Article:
Pharisees, tax collectors, and spirituality gone bad

October 18th, 2022

Joel 2:23-32. I’ve never warmed up to Joel much – certainly not in the way Peter did in the first ever big important Christian sermon in Acts 2, which lifts our text as key to understanding Jesus! It’s easy to play on “sons and daughters, old men and young men, even servants” – launching us forward toward “neither Jew nor Greek, male nor female…” But it’s that all these will “dream dreams.” I hear preachers now veering toward “dream,” Martin Luther King-style. In Scripture, a dream is something God uses to reveal what God is about to do. It’s not an eloquent vision, or sorting our your anxieties while asleep. Joel envisions something we don’t quite expect to unfold.

He alludes to a “Teacher of righteousness,” which was picked up in a big way at Qumran. It’s dicey to take today’s reading out of context: it’s sunny and optimistic, but only because the sense is that Joel’s dire threats and summons to radical repentance have, shockingly, worked. The people are imagined as having turned, finally taking the Day of the Lord seriously, gifted thereby with healing and restoration. Hans Walter Wolff provides two stellar comments: “Not only will earlier conditions be restored; they will be exceeded.” And, “The pouring out of God’s spirit upon flesh means the establishment of new, vigorous life through God’s unreserved giving of himself to those who, in themselves, are rootless and feeble.”

It’s a scary text, moon-to-blood stuff. Of course, change is scary. Joan Chittister, in The Time is Now, shows how the prophets “chose courage. They chose to stake their lives on what must be rather than stake their comfort, their security on what was.” Joel prevents us from shrinking the Gospel to mere personal salvation. It’s a whole new world.

2 Timothy 4:6-8, 16-18. Paul poignantly looks back as he nears the end of his life. So moving. What’s to come? Not a pot of gold or a luxury cottage on another continent. It’s “the crown of righteousness,” maybe like those orphans in Cider House Rules, bidden goodnight by Dr. Larch with the words “Good night, you princes of Maine, you kings of New England.” Paul’s Greek tense here indicates his being sacrificed is already in process.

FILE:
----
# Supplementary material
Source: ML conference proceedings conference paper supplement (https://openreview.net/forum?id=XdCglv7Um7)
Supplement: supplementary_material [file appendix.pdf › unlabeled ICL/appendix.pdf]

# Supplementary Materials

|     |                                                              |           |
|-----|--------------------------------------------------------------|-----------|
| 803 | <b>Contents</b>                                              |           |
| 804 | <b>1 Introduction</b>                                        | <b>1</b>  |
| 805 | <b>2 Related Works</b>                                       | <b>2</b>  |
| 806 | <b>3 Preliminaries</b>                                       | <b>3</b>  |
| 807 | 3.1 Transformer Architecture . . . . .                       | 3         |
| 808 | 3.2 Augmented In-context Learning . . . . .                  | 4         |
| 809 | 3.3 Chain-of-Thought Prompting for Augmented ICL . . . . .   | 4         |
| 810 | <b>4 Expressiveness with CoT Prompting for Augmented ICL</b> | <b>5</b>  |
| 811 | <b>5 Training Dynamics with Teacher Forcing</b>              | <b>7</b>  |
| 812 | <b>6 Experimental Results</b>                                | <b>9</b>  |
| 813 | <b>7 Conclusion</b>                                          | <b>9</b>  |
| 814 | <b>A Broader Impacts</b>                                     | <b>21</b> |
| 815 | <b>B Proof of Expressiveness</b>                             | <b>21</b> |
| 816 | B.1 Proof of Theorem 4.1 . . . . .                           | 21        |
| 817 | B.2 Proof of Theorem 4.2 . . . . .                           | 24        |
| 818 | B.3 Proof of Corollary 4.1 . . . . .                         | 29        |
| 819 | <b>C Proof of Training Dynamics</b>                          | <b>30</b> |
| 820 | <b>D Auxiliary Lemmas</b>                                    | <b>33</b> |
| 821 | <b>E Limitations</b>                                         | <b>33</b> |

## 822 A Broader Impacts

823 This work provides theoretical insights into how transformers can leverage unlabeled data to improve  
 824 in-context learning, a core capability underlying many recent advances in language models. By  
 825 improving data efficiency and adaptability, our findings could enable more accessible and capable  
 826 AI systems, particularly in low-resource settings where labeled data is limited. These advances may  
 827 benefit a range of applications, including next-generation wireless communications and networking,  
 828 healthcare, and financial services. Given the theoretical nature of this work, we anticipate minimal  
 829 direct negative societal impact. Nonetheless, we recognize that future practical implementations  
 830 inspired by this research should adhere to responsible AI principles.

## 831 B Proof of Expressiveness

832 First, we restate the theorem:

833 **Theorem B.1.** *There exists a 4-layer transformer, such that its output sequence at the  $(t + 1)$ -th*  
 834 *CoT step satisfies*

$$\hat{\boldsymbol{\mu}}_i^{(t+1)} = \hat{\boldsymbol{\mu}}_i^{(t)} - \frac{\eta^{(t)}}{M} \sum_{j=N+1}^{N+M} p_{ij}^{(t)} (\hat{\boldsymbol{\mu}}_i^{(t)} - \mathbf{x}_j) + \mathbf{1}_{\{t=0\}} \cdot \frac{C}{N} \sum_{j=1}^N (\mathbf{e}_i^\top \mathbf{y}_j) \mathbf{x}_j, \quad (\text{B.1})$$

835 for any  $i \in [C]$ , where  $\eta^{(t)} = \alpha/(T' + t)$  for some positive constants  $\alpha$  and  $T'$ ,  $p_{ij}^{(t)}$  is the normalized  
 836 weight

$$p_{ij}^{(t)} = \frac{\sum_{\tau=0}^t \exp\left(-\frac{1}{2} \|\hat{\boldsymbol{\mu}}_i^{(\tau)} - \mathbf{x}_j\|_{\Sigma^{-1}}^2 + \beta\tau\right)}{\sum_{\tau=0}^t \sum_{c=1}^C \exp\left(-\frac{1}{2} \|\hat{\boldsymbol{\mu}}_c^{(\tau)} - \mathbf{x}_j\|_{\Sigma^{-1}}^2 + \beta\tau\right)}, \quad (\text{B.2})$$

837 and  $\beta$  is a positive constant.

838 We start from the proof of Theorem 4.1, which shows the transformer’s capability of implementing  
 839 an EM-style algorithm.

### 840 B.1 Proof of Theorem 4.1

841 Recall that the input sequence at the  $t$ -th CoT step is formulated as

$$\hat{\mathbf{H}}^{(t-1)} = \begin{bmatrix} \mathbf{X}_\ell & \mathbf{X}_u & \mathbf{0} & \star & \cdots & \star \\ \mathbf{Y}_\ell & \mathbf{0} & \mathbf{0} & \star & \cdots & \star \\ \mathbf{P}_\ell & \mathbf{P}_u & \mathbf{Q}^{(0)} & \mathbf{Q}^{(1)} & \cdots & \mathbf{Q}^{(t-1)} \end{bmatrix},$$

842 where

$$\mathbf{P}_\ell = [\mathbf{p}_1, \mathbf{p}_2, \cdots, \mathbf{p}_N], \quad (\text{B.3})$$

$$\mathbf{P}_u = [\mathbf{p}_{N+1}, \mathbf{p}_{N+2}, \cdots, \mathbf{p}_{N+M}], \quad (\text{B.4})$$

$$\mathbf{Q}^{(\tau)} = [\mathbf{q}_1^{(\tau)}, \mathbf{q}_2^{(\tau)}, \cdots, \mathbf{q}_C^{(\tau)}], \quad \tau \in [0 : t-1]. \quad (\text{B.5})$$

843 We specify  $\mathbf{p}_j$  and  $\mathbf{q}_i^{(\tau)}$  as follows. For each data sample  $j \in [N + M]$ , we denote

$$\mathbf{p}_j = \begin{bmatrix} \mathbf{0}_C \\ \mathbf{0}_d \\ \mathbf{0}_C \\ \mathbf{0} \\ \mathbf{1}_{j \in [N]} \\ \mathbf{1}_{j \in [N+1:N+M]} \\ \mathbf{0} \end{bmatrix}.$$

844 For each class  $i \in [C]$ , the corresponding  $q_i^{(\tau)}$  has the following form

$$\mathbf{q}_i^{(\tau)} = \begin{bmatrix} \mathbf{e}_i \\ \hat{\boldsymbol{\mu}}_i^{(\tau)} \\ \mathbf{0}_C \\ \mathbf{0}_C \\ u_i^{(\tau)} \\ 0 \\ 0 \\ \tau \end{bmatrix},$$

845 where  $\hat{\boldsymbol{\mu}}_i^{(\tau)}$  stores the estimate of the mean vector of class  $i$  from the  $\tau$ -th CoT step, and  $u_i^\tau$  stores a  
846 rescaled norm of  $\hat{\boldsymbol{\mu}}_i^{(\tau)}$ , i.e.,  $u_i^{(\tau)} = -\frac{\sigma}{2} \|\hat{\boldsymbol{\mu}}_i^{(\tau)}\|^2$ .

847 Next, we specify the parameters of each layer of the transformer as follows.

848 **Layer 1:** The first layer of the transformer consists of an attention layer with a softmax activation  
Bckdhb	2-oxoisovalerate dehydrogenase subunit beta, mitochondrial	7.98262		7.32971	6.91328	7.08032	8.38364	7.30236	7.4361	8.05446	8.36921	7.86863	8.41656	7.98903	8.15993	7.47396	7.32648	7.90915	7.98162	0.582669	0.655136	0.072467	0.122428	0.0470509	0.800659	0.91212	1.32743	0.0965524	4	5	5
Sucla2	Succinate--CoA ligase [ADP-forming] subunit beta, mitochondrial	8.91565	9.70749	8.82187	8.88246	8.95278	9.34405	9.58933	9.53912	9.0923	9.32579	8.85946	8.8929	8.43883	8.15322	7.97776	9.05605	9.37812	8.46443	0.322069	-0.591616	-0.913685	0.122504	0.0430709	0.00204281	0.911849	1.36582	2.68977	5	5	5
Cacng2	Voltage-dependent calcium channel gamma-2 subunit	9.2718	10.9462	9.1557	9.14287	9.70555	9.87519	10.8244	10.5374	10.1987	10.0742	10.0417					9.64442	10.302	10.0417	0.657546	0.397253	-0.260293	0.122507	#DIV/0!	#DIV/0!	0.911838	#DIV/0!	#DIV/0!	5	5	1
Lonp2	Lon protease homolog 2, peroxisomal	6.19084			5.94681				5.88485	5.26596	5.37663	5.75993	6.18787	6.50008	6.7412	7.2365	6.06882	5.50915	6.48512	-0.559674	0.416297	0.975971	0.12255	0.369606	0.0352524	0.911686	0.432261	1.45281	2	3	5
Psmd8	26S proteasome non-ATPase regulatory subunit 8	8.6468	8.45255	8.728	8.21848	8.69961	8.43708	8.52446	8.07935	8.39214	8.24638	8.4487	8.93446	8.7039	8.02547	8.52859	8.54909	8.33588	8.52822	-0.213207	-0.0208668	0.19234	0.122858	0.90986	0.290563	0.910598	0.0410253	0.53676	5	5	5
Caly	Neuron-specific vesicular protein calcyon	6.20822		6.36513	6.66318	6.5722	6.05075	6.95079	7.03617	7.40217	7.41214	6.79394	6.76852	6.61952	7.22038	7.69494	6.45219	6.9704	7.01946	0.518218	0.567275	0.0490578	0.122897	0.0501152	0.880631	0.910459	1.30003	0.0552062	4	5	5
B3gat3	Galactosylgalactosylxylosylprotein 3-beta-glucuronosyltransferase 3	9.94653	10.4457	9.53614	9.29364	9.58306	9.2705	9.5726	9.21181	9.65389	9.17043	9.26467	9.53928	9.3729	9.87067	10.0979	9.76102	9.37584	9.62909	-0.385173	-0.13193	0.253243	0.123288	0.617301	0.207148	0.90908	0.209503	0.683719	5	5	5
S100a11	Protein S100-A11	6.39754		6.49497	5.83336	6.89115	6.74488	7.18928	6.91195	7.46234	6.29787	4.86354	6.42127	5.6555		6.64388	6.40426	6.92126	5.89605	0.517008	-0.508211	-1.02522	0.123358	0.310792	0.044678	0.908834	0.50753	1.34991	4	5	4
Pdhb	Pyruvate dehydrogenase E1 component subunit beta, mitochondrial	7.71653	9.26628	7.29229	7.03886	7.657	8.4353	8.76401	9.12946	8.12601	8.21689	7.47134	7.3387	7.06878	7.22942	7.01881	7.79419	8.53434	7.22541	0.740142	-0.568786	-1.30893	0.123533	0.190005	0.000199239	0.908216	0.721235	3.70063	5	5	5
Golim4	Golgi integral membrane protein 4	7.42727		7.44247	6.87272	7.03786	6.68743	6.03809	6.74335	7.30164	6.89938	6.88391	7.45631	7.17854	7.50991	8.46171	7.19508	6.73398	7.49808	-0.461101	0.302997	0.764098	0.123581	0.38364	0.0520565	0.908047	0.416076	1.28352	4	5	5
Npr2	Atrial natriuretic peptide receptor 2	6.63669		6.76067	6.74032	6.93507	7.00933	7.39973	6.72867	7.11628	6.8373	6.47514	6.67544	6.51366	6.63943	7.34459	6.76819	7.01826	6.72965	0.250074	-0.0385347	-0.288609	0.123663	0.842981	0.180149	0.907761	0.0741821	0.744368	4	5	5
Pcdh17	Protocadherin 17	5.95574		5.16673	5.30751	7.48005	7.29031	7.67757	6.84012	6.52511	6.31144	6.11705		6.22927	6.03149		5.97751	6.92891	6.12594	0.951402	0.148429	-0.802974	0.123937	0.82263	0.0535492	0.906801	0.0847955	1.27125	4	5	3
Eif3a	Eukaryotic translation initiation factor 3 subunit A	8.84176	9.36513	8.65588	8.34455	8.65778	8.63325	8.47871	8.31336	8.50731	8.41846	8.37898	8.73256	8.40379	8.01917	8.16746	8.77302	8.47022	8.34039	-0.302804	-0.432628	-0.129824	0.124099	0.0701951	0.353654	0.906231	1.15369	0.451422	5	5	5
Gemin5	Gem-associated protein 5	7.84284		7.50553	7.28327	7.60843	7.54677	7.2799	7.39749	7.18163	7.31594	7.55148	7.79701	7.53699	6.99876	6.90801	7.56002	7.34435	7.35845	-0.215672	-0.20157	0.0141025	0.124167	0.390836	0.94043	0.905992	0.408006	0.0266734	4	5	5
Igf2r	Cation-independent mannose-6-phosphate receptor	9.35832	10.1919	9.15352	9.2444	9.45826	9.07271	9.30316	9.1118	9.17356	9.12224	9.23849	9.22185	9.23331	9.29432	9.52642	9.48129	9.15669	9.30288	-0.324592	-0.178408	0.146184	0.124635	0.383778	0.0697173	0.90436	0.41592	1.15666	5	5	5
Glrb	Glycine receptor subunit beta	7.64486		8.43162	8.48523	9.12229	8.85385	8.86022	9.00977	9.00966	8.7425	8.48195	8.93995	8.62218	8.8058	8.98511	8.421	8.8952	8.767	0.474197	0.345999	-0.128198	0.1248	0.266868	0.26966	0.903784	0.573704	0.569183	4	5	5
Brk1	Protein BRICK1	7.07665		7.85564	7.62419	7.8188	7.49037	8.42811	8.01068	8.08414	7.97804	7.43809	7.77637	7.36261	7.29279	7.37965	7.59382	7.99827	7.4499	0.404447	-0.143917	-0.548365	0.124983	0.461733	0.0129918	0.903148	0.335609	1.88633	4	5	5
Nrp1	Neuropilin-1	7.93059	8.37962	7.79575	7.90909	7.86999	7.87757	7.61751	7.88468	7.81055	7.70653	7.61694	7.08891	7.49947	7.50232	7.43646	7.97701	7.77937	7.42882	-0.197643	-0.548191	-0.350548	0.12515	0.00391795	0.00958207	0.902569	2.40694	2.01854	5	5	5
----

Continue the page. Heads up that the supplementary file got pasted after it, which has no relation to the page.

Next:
Luke 18:9-14. Spirituality gone bad! The pious man refers to himself 5 times in just 2 verses! Indeed, he is praying “with himself,” talking to his true favorite person. And utterly secular, if Charles Taylor’s massive tome’s theme is adopted – that the “secular” is whenever we see meaning with the self rather than beyond the self.

Luther launched the Reformation in reply to theologian Gabriel Biel’s dictum, “Do what is in you.” What is in me is brokenness, a self shackled to sin and self, and inability to do God’s holy bidding. How lonely is the effort! Notice this Pharisees is “standing by himself.”

This guy’s attitude was also criticized by Jewish writers, like Josephus and in the Babylonian Talmud. No one likes it when holiness slides into self-righteousness which slides into despising others.

Then there’s the tax collector, the “moral equivalent of a leper” (N.T. Wright). Luther’s despair, in striving to be holy enough, is a later echo of the shameless plea of the tax collector, who cannot even raise his eyes. Humility is faith, humility is the need for and reception of grace, mercy requiring nothing but humility. These 2 are of utterly divergent social situations, one admired, the other despised, one of fair means, the other probably wealthy. 

“The prayers of the two men are even more a contrast than their social station” (David Lyle Jeffrey). 

The contrast is such a laughable caricature that we might lose the point. I’d fix on how thankful the pious one is that he is “not like others.” Thank you Lord I’m not sick like those guys, that I don’t think wrong politically like those guys, that I have children and grandchildren unlike my friend Bob. Pity is the core of such prayer – or judgment, neither in sync with the heart of Jesus. Prayer is never comparative in nature, tone or content.

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